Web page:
Note: By keeping things focused, you’ll find clearer opportunities to act. We might rephrase our question now as: Has my growth strategy been attracting high-quality new visitors recently?

Now that’s a great question to ask yourself! So, let’s look at our traffic through this lens. I created a custom report in Google Analytics that shows me only new users along with their bounce rate and conversion rate. Marvelous, but that’s not all. I also made sure to add in dimension drill downs of default channel grouping and filter by user type. Here’s what it looks like:


Well, now you have your report. Excited? I jolly well am. Because now we have this report, we can monitor our growth weekly, or monthly, in the context of our own definition of high-quality traffic.  

You can actually answer the question in a yes or no way. Has your growth strategy been attracting high-quality new visitors recently? This report has that answer. Keep a close eye on it!

Optimizing For A Traffic Source

Monitoring your traffic is all very well, for those that like to monitor things. I, and I feel safe in assuming you too, like to act. So here is what I do next: I review each traffic channel in the context of our ideal traffic and ask a new question. Are new visitors who visit my site via a specific channel, bouncing and converting at the rate I’d like?

If I notice a channel that has a significant volume of traffic but is letting me down somewhat in the quality metrics (i.e. it has a poor bounce rate), then I know I need to optimize for that.

Perhaps it’s the referral traffic channel that is sending me a nice amount of traffic but simply not converting at a rate I’d love. My next actions are crystal clear. I can investigate which referrers are sending me the traffic and explore their site. I could then look at the landing pages they’re arriving on and optimize them. For example, I’d make sure that the new visitors, coming from a blogger, writing about my app versus my competitors, see an awesome chart highlighting my strengths over my competitors.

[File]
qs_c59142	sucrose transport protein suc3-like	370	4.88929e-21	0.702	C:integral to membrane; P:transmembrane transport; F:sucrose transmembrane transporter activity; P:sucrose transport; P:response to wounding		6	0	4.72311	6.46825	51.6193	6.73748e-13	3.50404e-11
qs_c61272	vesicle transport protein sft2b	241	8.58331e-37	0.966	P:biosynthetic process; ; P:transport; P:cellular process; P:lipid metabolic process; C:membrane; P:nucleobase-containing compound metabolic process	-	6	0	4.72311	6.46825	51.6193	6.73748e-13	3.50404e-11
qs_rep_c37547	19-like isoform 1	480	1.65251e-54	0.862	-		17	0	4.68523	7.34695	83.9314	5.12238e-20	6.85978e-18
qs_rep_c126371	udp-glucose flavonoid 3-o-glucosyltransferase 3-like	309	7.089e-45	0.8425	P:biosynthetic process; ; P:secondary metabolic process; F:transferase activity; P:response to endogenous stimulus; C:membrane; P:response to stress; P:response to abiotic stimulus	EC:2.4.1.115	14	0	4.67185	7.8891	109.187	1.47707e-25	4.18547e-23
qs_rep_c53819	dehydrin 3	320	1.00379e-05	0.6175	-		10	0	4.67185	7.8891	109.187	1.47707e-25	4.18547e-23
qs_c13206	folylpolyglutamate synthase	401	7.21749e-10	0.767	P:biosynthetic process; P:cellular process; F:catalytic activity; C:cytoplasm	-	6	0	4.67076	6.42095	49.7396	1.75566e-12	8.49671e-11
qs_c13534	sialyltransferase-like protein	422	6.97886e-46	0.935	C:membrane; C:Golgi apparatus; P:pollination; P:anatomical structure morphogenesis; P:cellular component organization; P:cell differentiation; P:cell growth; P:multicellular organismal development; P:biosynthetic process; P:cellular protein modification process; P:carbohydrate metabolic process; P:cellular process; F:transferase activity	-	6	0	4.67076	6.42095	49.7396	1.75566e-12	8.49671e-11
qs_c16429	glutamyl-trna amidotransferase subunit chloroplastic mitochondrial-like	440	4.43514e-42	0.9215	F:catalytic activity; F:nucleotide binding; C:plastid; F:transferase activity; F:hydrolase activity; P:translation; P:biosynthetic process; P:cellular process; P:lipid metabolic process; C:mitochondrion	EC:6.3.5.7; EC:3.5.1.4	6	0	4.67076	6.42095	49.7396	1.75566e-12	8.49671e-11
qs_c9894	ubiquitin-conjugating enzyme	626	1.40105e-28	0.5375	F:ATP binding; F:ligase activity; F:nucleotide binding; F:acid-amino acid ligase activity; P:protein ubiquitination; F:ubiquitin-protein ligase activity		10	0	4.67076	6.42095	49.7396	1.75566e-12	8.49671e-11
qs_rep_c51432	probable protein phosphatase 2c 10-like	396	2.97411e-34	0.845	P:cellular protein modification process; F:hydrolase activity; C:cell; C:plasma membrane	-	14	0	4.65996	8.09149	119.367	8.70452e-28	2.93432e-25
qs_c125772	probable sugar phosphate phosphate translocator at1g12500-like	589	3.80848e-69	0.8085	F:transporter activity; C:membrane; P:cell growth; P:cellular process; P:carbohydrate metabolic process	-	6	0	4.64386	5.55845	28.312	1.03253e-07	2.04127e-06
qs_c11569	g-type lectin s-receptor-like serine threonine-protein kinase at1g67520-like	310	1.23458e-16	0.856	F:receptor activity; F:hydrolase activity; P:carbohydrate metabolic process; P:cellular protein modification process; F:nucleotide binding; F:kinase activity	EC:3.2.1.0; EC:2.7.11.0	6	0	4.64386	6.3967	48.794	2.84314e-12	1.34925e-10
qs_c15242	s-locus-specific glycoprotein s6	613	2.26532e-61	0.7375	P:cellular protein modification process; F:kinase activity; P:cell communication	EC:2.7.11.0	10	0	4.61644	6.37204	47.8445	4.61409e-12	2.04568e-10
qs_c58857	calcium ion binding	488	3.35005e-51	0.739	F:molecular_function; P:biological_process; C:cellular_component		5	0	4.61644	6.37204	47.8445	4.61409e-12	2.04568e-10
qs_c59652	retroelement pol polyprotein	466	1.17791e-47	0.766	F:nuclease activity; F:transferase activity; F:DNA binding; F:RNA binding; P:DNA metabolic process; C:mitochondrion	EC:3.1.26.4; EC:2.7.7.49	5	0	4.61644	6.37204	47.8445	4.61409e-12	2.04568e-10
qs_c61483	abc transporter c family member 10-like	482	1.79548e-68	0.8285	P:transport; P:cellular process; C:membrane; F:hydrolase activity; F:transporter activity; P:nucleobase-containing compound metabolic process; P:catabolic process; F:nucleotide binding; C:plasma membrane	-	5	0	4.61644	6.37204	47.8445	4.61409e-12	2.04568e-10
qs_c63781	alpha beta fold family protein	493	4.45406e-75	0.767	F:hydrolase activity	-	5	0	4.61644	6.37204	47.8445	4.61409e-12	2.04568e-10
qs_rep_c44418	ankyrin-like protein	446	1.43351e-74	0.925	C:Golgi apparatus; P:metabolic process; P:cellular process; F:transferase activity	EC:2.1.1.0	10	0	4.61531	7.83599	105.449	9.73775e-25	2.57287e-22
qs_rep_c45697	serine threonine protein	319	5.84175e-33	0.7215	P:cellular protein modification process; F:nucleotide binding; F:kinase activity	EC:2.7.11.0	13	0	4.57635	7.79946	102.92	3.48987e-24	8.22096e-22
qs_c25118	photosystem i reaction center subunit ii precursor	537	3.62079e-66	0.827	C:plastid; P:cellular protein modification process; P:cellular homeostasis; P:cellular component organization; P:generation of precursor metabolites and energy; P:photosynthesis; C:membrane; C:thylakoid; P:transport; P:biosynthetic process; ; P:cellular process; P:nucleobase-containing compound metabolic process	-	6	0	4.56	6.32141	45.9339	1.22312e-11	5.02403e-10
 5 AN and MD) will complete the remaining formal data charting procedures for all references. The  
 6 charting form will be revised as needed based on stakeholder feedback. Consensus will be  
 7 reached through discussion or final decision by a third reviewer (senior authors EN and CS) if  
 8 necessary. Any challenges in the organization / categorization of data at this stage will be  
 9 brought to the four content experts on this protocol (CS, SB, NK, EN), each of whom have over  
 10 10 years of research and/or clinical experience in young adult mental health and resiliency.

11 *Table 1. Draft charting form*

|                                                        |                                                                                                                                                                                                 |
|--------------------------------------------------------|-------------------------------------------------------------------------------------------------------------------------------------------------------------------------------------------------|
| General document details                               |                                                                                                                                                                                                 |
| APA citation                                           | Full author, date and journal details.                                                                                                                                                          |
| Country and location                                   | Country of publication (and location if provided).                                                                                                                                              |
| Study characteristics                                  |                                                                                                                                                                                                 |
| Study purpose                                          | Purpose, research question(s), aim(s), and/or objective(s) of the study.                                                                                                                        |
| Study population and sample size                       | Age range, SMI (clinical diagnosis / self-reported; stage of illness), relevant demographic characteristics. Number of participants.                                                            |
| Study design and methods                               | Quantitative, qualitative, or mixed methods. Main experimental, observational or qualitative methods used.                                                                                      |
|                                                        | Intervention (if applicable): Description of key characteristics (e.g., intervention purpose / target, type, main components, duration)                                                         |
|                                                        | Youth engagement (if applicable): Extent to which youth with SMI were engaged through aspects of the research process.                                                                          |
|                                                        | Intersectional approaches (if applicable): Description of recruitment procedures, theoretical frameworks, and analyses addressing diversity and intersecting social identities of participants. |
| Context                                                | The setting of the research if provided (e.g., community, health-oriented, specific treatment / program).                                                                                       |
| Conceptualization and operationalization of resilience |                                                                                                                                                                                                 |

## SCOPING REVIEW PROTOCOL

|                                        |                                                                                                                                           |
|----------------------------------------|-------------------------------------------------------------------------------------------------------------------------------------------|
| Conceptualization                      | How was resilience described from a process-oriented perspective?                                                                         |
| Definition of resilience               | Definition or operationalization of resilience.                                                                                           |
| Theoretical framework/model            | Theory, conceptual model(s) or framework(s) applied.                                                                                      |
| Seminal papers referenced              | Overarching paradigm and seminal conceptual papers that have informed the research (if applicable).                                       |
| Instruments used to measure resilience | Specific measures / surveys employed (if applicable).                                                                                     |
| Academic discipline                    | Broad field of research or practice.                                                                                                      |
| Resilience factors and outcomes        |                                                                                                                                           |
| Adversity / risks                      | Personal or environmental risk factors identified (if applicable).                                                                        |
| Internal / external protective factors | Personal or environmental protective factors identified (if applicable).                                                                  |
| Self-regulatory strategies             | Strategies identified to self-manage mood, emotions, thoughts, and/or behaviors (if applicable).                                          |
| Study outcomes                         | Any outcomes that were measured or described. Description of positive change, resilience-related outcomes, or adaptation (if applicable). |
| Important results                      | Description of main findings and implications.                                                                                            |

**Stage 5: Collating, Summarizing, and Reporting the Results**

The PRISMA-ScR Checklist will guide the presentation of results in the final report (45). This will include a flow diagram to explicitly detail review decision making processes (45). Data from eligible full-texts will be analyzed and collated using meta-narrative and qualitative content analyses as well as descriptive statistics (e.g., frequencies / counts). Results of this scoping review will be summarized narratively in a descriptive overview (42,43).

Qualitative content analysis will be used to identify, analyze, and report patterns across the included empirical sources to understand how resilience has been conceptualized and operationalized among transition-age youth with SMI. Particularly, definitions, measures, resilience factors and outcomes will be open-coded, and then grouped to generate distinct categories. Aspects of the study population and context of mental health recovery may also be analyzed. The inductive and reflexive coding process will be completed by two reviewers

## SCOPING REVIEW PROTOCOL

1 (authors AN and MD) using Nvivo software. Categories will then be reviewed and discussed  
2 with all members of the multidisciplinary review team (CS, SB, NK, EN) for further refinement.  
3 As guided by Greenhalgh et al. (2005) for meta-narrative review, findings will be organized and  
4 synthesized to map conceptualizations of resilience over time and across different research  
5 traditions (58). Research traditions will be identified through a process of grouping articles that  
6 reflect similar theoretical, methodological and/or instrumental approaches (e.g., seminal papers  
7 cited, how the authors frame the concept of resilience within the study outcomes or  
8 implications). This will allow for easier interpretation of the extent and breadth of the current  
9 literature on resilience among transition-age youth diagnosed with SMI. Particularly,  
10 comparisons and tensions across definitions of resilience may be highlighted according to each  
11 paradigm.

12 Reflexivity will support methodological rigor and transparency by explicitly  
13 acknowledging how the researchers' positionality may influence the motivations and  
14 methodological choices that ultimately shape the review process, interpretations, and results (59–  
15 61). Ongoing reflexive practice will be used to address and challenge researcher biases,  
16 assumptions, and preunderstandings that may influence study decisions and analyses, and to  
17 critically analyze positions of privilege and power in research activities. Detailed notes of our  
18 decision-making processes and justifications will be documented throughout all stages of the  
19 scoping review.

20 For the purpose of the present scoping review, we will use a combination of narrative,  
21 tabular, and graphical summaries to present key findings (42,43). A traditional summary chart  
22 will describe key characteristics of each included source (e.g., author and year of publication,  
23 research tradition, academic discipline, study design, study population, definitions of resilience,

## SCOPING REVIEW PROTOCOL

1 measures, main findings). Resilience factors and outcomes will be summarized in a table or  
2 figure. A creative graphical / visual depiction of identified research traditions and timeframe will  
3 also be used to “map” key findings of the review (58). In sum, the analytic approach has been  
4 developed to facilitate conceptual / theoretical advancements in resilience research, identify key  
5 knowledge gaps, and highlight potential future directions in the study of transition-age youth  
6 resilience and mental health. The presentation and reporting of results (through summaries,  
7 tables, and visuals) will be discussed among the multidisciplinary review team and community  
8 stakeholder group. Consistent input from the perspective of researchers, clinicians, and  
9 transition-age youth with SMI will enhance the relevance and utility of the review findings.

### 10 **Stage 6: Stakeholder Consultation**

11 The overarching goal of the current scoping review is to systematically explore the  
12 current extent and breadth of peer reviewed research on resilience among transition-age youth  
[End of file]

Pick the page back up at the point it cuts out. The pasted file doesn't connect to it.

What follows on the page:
Because I’m considering quality in the context of traffic, it helps clarify the actions I can take. Once I’ve optimized my site or strategy to improve the experience for new visitors, I’ll likely see growth in conversion rate too. Quality results tend to be holistic.

Best of all, I can simply keep an eye on this report and make sure that my actions haven’t had an adverse effect on my quality.

Growing A Traffic Source

On the other hand, perhaps I notice that a traffic channel has outstanding quality. My bounce rate is rock bottom with an high conversion rate. Amazing! I know that the next actions for me to take are to grow this traffic source.

Let’s use referrals as an example again. Say I notice that referral traffic volume is somewhat low, but of a generally high quality, I can define and enact a strategy of inbound link building, simultaneously improving my SEO. I can note which types of referrals are bringing me great traffic and seek out other opportunities, either with those sites or with similar sites.

Again, because I’m monitoring my growth in a specific context on traffic and quality, I’m able to keep tabs on the success of my strategy. I can note that I’m growing my traffic without sacrificing quality. Or, if I see a correlated drop in quality, I can act quickly to fix that.

Growing Versus Optimizing

Well, this is simple but it’s so much fun to lay out. If you have low quality traffic and a high volume, you should optimize! If you have high quality traffic at a low volume, grow it!

Ultimately, by switching between these two ideas, you’ll end up growing your high-quality traffic!